From late 19th century coal mining with picks and shovels to the huge longwall machines used today, mine mechanization has transformed underground coal mining from an industry once reliant upon muscle power to one now powered by machines. A new exhibition at West Virginia University’s Watts Museum showcases that transition.
“Man Power, Mine Power: The Evolution and Impact of Coal Mining Machines” explores how the introduction of machines drastically altered the workplace structure, labor relations and livelihood of those that relied on the coal industry. Prior to mechanization, miners were considered independent craftsmen. Working either alone or in pairs and with little supervision, their job required a high level of knowledge, experience, strength and dexterity. These men maintained a degree of freedom on the job that workers in other industries lacked.
With the introduction of coal mining machines—such as continuous miners and longwall shearers—both the number of miners and their workplace freedom drastically declined. New machines could produce more coal in one minute than a worker in a non-mechanized mine could extract in an entire shift.
“As underground mines became increasing mechanized, mining transformed from a cottage-like industry, where miners often worked part-time, with family members and in small mining operations, to one that operated with the efficiency and coordination of modernized industrial factory,” said Watts Museum Curator Danielle Petrak. “Mechanization meant that miners no longer controlled things like how much they worked or what tools they used, but it also meant that they no longer spent their days doing the strenuous, backbreaking work of cutting and loading coal by hand.”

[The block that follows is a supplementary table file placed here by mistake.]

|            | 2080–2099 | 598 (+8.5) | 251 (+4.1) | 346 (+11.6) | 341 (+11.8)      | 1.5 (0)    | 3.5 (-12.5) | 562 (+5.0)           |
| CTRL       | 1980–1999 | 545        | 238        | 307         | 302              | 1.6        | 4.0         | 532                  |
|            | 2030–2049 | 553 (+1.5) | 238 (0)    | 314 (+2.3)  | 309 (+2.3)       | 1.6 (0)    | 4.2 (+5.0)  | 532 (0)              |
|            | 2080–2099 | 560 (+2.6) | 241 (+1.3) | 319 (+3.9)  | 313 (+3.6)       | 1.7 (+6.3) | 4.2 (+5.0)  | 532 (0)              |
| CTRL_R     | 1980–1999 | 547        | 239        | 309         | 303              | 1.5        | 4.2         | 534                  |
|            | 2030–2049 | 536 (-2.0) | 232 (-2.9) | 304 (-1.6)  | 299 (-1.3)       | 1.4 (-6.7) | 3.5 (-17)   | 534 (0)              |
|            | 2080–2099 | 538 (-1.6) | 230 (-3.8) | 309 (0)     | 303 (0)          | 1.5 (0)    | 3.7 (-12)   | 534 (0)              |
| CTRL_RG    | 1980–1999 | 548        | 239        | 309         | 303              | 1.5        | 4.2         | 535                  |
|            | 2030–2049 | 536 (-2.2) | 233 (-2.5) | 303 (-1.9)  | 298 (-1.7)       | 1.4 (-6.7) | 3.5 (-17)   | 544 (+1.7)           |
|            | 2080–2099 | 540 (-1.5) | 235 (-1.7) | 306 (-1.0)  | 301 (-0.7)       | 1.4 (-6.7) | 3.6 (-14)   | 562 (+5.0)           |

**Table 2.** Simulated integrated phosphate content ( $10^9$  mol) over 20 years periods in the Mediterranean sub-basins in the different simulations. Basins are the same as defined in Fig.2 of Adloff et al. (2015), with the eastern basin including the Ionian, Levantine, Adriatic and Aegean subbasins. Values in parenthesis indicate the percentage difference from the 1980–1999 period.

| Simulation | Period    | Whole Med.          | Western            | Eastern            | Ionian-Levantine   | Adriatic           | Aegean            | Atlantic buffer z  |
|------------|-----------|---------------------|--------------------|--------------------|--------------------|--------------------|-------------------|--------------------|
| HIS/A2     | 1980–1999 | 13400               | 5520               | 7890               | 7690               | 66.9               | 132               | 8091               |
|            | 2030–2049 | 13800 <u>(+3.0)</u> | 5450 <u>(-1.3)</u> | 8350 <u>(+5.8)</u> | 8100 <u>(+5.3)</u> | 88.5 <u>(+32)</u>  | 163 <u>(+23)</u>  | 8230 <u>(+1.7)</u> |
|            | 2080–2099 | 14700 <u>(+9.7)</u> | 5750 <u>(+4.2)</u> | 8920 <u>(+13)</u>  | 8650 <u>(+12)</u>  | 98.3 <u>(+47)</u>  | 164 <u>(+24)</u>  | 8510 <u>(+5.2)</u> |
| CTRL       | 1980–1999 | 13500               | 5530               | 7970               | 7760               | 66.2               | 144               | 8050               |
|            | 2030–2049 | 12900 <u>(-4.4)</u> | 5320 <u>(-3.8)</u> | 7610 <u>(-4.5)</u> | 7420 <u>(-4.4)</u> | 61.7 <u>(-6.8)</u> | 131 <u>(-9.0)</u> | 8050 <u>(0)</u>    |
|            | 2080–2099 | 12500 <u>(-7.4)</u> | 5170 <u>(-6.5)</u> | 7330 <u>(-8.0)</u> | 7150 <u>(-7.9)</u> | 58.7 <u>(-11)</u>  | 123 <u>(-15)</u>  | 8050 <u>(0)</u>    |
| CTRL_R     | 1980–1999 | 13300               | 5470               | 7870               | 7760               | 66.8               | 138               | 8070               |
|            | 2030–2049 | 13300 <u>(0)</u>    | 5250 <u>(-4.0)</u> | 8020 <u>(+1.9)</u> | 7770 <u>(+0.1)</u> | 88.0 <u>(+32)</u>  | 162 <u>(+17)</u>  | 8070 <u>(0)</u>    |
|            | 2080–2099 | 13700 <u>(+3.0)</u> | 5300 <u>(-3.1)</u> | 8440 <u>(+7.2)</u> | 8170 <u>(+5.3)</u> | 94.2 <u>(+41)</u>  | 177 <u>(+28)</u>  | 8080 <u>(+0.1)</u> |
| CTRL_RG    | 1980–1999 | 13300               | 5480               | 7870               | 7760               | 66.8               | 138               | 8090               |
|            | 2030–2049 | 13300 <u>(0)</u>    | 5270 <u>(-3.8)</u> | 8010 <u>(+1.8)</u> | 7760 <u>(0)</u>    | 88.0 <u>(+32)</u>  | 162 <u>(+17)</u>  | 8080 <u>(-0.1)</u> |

On Wednesday, September 6, from noon–6 p.m., the Watts Museum is holding an open house for the public to view the new exhibit. Museum staff will be on hand to answer questions, and there will be refreshments. Admission is free, and parking is available behind the Mineral Resources Building.
“Man Power, Mine Power” is on view through June 2019 and will be available to travel to other venues throughout West Virginia after its installation at the Watts Museum. The Watts Museum is located in Room 125 of the Mineral Resources Building on the Evansdale campus of WVU. The Museum is open Monday, Wednesday, Friday and Saturday, from 1–4 p.m., and by appointment.
For more information, contact the museum at (304) 293-4609 or email@example.com.
Housed in the Benjamin M. Statler College of Engineering and Mineral Resources, the Royce J. and Caroline B. Watts Museum is dedicated to preserving and promoting the social, cultural and technological history of West Virginia’s mineral resources and their related industries through the collection, preservation, research and exhibition of artifacts and archival materials.